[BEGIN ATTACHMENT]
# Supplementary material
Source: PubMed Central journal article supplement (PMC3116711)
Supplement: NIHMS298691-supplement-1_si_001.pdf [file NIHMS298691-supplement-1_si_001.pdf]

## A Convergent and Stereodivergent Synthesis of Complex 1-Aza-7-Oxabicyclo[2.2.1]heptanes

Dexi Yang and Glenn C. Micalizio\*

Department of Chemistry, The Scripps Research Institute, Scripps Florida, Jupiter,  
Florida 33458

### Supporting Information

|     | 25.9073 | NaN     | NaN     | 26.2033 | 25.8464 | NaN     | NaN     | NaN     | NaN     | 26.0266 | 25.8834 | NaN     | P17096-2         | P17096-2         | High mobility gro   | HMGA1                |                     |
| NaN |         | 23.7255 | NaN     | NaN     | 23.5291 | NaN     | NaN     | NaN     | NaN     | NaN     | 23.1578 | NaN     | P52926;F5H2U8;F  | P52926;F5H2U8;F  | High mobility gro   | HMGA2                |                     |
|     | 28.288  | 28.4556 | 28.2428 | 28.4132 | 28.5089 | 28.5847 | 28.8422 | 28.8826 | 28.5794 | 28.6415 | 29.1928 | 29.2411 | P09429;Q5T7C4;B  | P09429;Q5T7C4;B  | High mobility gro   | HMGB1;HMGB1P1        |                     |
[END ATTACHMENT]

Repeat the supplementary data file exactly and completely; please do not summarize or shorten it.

# Supplementary material
Source: PubMed Central journal article supplement (PMC3116711)
Supplement: NIHMS298691-supplement-1_si_001.pdf [file NIHMS298691-supplement-1_si_001.pdf]

## A Convergent and Stereodivergent Synthesis of Complex 1-Aza-7-Oxabicyclo[2.2.1]heptanes

Dexi Yang and Glenn C. Micalizio\*

Department of Chemistry, The Scripps Research Institute, Scripps Florida, Jupiter,  
Florida 33458

### Supporting Information

|     | 25.9073 | NaN     | NaN     | 26.2033 | 25.8464 | NaN     | NaN     | NaN     | NaN     | 26.0266 | 25.8834 | NaN     | P17096-2         | P17096-2         | High mobility gro   | HMGA1                |                     |
| NaN |         | 23.7255 | NaN     | NaN     | 23.5291 | NaN     | NaN     | NaN     | NaN     | NaN     | 23.1578 | NaN     | P52926;F5H2U8;F  | P52926;F5H2U8;F  | High mobility gro   | HMGA2                |                     |
|     | 28.288  | 28.4556 | 28.2428 | 28.4132 | 28.5089 | 28.5847 | 28.8422 | 28.8826 | 28.5794 | 28.6415 | 29.1928 | 29.2411 | P09429;Q5T7C4;B  | P09429;Q5T7C4;B  | High mobility gro   | HMGB1;HMGB1P1        |                     |